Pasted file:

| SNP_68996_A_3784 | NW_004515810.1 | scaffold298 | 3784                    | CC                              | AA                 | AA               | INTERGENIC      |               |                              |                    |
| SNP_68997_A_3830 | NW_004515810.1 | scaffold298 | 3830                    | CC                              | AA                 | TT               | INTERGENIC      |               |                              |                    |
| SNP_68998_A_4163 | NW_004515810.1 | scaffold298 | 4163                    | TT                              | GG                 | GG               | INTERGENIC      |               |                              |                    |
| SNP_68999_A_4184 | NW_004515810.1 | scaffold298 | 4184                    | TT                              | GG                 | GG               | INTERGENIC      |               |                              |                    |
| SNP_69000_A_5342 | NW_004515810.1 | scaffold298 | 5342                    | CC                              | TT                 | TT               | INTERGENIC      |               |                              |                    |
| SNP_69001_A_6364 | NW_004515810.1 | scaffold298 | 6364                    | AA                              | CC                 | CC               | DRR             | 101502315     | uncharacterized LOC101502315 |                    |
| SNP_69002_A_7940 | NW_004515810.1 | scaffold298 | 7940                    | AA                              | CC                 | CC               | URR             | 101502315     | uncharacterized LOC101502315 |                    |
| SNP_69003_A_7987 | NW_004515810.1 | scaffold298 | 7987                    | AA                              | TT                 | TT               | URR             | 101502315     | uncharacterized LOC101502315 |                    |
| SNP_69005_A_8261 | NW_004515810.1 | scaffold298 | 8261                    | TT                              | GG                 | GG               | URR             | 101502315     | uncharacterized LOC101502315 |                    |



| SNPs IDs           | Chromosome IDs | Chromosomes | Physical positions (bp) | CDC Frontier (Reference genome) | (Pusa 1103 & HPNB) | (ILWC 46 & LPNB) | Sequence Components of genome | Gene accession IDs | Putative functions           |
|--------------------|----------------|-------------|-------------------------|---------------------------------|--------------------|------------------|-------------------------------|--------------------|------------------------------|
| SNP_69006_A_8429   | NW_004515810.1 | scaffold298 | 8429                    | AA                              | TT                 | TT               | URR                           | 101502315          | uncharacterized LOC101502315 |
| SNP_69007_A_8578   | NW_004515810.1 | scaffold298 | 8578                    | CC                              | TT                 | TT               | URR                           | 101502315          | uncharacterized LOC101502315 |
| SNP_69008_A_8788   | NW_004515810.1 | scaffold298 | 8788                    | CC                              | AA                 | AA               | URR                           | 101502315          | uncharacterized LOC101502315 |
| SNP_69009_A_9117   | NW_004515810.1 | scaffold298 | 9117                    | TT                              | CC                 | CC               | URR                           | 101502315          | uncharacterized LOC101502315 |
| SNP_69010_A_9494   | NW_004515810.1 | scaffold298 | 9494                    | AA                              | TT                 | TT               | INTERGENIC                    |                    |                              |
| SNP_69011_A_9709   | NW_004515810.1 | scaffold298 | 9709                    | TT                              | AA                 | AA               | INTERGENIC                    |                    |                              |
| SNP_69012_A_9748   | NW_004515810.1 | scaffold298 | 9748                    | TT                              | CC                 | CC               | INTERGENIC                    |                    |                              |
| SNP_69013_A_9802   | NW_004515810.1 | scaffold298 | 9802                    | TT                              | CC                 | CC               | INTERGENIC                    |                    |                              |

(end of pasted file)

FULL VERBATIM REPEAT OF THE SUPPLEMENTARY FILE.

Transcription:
| SNP_68996_A_3784 | NW_004515810.1 | scaffold298 | 3784                    | CC                              | AA                 | AA               | INTERGENIC      |               |                              |                    |
| SNP_68997_A_3830 | NW_004515810.1 | scaffold298 | 3830                    | CC                              | AA                 | TT               | INTERGENIC      |               |                              |                    |
| SNP_68998_A_4163 | NW_004515810.1 | scaffold298 | 4163                    | TT                              | GG                 | GG               | INTERGENIC      |               |                              |                    |
| SNP_68999_A_4184 | NW_004515810.1 | scaffold298 | 4184                    | TT                              | GG                 | GG               | INTERGENIC      |               |                              |                    |
| SNP_69000_A_5342 | NW_004515810.1 | scaffold298 | 5342                    | CC                              | TT                 | TT               | INTERGENIC      |               |                              |                    |
| SNP_69001_A_6364 | NW_004515810.1 | scaffold298 | 6364                    | AA                              | CC                 | CC               | DRR             | 101502315     | uncharacterized LOC101502315 |                    |
| SNP_69002_A_7940 | NW_004515810.1 | scaffold298 | 7940                    | AA                              | CC                 | CC               | URR             | 101502315     | uncharacterized LOC101502315 |                    |
| SNP_69003_A_7987 | NW_004515810.1 | scaffold298 | 7987                    | AA                              | TT                 | TT               | URR             | 101502315     | uncharacterized LOC101502315 |                    |
| SNP_69005_A_8261 | NW_004515810.1 | scaffold298 | 8261                    | TT                              | GG                 | GG               | URR             | 101502315     | uncharacterized LOC101502315 |                    |



| SNPs IDs           | Chromosome IDs | Chromosomes | Physical positions (bp) | CDC Frontier (Reference genome) | (Pusa 1103 & HPNB) | (ILWC 46 & LPNB) | Sequence Components of genome | Gene accession IDs | Putative functions           |
|--------------------|----------------|-------------|-------------------------|---------------------------------|--------------------|------------------|-------------------------------|--------------------|------------------------------|
| SNP_69006_A_8429   | NW_004515810.1 | scaffold298 | 8429                    | AA                              | TT                 | TT               | URR                           | 101502315          | uncharacterized LOC101502315 |
| SNP_69007_A_8578   | NW_004515810.1 | scaffold298 | 8578                    | CC                              | TT                 | TT               | URR                           | 101502315          | uncharacterized LOC101502315 |
| SNP_69008_A_8788   | NW_004515810.1 | scaffold298 | 8788                    | CC                              | AA                 | AA               | URR                           | 101502315          | uncharacterized LOC101502315 |
| SNP_69009_A_9117   | NW_004515810.1 | scaffold298 | 9117                    | TT                              | CC                 | CC               | URR                           | 101502315          | uncharacterized LOC101502315 |
| SNP_69010_A_9494   | NW_004515810.1 | scaffold298 | 9494                    | AA                              | TT                 | TT               | INTERGENIC                    |                    |                              |
| SNP_69011_A_9709   | NW_004515810.1 | scaffold298 | 9709                    | TT                              | AA                 | AA               | INTERGENIC                    |                    |                              |
| SNP_69012_A_9748   | NW_004515810.1 | scaffold298 | 9748                    | TT                              | CC                 | CC               | INTERGENIC                    |                    |                              |
| SNP_69013_A_9802   | NW_004515810.1 | scaffold298 | 9802                    | TT                              | CC                 | CC               | INTERGENIC                    |                    |                              |